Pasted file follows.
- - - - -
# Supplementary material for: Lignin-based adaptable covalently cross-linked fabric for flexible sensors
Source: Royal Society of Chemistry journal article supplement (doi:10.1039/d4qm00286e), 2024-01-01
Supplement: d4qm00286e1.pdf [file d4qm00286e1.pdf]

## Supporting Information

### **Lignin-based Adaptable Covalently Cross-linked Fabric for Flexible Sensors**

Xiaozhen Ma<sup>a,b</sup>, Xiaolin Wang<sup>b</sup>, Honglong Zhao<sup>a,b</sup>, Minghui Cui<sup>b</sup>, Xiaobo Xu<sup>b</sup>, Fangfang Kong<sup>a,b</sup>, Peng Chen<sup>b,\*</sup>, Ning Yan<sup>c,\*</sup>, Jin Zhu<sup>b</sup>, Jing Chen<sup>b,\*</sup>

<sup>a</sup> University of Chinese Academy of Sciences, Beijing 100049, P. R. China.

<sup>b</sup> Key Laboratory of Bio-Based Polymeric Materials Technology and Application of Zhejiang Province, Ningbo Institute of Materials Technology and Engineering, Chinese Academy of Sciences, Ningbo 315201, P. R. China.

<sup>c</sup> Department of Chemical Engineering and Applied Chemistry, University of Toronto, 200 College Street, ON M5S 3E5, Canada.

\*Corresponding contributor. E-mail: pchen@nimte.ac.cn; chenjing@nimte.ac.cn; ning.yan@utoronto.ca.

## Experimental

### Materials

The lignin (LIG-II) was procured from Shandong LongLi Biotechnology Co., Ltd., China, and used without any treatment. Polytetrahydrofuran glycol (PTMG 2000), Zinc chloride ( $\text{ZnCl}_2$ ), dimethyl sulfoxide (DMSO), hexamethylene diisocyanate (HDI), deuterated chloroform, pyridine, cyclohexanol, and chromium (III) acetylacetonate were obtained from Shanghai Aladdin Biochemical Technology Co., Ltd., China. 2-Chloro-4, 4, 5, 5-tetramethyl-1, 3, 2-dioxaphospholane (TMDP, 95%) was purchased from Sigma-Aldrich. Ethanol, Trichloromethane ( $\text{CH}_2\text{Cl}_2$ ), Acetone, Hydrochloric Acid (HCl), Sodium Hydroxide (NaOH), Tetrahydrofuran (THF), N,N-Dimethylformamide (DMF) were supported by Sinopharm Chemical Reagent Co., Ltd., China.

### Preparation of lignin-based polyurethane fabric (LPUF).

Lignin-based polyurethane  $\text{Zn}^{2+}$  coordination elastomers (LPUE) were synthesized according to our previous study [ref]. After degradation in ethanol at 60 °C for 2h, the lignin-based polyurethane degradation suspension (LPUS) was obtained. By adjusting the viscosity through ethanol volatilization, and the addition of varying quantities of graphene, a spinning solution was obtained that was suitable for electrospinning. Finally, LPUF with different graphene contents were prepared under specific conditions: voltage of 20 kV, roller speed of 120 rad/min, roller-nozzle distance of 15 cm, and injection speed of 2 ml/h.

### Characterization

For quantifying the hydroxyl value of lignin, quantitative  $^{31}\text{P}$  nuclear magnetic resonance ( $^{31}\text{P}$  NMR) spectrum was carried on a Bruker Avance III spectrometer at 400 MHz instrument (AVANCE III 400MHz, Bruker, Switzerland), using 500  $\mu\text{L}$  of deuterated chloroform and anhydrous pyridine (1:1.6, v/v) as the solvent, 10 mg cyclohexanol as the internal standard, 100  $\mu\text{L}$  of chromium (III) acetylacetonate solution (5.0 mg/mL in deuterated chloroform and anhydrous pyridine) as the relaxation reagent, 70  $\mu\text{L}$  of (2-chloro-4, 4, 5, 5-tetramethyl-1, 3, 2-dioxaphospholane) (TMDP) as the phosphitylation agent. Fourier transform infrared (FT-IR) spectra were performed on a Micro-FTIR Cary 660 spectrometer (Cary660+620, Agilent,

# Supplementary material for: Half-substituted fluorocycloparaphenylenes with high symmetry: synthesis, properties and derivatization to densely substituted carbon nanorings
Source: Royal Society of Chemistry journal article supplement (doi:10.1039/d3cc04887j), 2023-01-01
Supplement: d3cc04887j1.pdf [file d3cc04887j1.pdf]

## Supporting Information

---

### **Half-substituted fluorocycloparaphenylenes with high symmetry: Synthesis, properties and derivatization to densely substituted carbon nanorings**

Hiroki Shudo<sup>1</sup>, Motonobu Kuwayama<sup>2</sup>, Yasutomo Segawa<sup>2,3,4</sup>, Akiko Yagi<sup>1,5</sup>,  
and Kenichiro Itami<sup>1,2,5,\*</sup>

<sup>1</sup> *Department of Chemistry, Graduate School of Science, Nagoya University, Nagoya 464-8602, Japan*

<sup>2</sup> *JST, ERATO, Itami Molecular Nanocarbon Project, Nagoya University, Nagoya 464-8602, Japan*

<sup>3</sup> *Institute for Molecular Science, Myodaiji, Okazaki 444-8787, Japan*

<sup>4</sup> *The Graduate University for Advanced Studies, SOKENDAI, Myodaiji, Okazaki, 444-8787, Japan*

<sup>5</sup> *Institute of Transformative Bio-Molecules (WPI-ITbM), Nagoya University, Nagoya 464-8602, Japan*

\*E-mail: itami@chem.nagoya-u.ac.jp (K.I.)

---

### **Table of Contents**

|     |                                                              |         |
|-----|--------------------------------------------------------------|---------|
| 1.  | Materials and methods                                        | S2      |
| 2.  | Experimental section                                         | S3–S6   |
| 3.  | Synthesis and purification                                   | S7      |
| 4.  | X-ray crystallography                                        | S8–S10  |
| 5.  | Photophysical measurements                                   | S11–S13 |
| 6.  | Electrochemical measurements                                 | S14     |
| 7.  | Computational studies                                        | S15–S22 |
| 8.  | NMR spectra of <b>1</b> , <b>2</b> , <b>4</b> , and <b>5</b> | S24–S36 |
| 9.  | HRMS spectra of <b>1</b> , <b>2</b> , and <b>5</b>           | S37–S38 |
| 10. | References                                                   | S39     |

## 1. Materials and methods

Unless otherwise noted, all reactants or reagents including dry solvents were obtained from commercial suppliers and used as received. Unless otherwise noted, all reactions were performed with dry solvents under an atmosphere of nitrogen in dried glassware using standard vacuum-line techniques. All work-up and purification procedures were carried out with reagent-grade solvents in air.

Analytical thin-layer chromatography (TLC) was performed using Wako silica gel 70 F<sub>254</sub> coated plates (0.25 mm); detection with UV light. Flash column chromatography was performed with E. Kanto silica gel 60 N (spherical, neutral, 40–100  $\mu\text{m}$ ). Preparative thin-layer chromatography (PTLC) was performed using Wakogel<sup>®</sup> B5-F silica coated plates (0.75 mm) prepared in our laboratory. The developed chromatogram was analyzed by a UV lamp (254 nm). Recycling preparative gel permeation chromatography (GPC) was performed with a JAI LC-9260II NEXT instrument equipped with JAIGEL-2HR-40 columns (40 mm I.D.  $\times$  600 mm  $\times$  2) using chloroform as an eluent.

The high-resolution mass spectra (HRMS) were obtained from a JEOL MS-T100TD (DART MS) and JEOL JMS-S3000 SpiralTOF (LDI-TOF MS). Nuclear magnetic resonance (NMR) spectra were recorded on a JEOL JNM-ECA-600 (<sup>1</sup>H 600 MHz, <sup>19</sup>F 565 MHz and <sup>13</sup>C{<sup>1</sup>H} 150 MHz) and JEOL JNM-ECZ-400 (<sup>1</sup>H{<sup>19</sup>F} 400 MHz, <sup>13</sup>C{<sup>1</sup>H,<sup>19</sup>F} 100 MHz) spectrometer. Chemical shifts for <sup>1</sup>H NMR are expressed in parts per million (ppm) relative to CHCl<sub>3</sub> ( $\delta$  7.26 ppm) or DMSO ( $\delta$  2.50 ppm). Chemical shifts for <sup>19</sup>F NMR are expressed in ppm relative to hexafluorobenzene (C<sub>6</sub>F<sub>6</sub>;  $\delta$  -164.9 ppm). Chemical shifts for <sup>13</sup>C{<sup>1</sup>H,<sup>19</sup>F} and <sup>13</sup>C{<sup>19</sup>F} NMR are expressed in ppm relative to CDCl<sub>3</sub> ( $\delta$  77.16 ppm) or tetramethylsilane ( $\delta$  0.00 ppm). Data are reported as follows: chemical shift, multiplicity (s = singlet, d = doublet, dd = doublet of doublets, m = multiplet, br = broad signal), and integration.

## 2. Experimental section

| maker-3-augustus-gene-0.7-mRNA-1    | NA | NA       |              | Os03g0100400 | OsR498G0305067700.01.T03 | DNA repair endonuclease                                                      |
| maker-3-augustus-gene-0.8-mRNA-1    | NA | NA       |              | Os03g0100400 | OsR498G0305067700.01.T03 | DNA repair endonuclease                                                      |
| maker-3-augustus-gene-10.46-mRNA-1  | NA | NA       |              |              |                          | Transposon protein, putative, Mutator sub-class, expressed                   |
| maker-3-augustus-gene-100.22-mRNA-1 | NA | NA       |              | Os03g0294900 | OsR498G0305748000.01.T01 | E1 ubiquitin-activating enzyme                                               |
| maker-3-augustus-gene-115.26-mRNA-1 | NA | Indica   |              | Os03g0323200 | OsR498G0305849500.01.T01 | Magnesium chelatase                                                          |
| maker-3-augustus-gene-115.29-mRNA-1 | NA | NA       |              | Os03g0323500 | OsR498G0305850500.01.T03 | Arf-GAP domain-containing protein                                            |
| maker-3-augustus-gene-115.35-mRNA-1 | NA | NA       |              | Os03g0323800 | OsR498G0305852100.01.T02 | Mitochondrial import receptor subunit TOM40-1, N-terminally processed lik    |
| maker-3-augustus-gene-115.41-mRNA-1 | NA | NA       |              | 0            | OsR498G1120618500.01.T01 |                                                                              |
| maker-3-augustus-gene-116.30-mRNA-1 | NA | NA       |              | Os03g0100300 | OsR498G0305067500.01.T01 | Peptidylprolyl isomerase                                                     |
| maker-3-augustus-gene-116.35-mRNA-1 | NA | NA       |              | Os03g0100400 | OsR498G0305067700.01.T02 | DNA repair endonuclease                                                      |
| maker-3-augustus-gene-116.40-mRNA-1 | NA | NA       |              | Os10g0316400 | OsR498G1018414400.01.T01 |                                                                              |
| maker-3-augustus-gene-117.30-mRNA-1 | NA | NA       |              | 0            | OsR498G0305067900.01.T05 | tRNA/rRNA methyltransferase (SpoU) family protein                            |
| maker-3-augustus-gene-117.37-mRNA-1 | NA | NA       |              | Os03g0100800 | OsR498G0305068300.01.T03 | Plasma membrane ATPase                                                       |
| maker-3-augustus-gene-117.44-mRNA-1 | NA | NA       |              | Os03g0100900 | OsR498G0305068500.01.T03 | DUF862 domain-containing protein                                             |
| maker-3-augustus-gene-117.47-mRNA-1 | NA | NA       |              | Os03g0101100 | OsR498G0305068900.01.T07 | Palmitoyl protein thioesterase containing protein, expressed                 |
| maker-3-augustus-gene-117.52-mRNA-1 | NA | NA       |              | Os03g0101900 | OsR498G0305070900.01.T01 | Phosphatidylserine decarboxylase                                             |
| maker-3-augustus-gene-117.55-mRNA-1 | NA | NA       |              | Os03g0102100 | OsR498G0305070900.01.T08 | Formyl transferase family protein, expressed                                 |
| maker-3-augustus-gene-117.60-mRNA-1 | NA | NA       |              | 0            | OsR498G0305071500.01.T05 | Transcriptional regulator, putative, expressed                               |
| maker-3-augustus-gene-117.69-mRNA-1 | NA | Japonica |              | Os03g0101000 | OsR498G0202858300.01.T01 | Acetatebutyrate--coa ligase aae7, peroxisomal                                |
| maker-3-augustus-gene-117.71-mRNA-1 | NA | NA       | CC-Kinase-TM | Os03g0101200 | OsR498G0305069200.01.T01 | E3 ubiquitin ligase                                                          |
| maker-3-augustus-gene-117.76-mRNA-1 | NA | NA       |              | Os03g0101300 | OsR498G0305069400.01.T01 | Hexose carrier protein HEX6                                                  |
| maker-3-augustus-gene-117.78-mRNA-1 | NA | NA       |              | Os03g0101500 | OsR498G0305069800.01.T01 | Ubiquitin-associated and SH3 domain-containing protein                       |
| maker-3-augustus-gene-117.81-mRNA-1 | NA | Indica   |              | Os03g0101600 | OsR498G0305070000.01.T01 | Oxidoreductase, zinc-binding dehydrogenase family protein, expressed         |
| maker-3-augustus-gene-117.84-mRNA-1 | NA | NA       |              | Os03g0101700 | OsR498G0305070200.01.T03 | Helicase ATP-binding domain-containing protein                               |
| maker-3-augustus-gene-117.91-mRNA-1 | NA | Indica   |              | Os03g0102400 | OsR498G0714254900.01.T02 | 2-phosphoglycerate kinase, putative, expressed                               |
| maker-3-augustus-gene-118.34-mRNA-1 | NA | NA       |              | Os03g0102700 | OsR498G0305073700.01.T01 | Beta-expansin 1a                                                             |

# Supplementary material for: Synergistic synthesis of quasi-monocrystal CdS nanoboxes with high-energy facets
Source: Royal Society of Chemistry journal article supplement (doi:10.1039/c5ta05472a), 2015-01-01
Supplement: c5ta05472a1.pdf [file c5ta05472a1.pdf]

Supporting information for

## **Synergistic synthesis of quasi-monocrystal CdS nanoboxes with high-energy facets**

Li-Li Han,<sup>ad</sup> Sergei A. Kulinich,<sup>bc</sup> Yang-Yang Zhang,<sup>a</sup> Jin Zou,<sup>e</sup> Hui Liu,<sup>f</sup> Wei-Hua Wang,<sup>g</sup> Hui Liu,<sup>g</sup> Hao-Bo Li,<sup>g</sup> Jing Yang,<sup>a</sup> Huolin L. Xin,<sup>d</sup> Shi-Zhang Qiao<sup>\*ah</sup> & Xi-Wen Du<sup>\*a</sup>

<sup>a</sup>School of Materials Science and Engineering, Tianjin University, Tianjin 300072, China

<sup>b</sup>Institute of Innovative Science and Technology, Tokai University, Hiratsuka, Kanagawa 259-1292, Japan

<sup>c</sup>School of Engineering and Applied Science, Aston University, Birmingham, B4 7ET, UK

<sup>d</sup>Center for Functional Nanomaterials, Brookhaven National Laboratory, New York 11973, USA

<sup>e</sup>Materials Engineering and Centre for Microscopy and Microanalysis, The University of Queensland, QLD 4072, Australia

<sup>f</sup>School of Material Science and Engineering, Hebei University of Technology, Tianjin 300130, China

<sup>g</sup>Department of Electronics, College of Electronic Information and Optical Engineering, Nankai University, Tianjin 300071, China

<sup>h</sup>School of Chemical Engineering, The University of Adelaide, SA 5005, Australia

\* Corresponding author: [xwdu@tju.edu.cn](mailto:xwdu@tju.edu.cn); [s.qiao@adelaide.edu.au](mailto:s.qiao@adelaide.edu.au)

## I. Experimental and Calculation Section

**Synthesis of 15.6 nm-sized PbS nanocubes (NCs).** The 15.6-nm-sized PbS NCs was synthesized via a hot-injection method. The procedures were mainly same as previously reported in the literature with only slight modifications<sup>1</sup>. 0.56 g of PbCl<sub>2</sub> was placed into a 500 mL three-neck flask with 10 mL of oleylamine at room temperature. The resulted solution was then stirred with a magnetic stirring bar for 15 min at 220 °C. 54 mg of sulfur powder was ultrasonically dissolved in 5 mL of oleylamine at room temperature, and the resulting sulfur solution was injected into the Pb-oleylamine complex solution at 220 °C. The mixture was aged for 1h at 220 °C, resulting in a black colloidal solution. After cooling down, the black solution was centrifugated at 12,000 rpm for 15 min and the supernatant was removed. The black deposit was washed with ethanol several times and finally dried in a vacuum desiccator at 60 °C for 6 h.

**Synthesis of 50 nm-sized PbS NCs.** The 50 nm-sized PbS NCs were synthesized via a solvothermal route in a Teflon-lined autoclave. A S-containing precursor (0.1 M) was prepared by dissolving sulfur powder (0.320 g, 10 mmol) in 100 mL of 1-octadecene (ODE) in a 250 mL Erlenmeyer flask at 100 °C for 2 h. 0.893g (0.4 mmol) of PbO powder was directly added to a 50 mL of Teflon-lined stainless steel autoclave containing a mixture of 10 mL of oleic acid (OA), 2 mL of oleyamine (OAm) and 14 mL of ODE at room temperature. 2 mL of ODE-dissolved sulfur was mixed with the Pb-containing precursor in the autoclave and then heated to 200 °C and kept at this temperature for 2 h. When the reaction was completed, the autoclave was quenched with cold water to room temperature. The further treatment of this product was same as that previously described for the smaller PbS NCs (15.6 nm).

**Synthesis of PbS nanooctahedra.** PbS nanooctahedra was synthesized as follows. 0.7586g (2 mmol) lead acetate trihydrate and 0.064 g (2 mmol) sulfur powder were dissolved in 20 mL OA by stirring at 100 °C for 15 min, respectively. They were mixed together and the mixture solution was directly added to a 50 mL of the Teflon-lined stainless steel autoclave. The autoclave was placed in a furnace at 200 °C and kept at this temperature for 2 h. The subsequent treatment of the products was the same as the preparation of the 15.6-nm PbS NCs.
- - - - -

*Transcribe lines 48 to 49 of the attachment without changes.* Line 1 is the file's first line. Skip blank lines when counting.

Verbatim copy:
Analytical thin-layer chromatography (TLC) was performed using Wako silica gel 70 F<sub>254</sub> coated plates (0.25 mm); detection with UV light. Flash column chromatography was performed with E. Kanto silica gel 60 N (spherical, neutral, 40–100  $\mu\text{m}$ ). Preparative thin-layer chromatography (PTLC) was performed using Wakogel<sup>®</sup> B5-F silica coated plates (0.75 mm) prepared in our laboratory. The developed chromatogram was analyzed by a UV lamp (254 nm). Recycling preparative gel permeation chromatography (GPC) was performed with a JAI LC-9260II NEXT instrument equipped with JAIGEL-2HR-40 columns (40 mm I.D.  $\times$  600 mm  $\times$  2) using chloroform as an eluent.

The high-resolution mass spectra (HRMS) were obtained from a JEOL MS-T100TD (DART MS) and JEOL JMS-S3000 SpiralTOF (LDI-TOF MS). Nuclear magnetic resonance (NMR) spectra were recorded on a JEOL JNM-ECA-600 (<sup>1</sup>H 600 MHz, <sup>19</sup>F 565 MHz and <sup>13</sup>C{<sup>1</sup>H} 150 MHz) and JEOL JNM-ECZ-400 (<sup>1</sup>H{<sup>19</sup>F} 400 MHz, <sup>13</sup>C{<sup>1</sup>H,<sup>19</sup>F} 100 MHz) spectrometer. Chemical shifts for <sup>1</sup>H NMR are expressed in parts per million (ppm) relative to CHCl<sub>3</sub> ( $\delta$  7.26 ppm) or DMSO ( $\delta$  2.50 ppm). Chemical shifts for <sup>19</sup>F NMR are expressed in ppm relative to hexafluorobenzene (C<sub>6</sub>F<sub>6</sub>;  $\delta$  -164.9 ppm). Chemical shifts for <sup>13</sup>C{<sup>1</sup>H,<sup>19</sup>F} and <sup>13</sup>C{<sup>19</sup>F} NMR are expressed in ppm relative to CDCl<sub>3</sub> ( $\delta$  77.16 ppm) or tetramethylsilane ( $\delta$  0.00 ppm). Data are reported as follows: chemical shift, multiplicity (s = singlet, d = doublet, dd = doublet of doublets, m = multiplet, br = broad signal), and integration.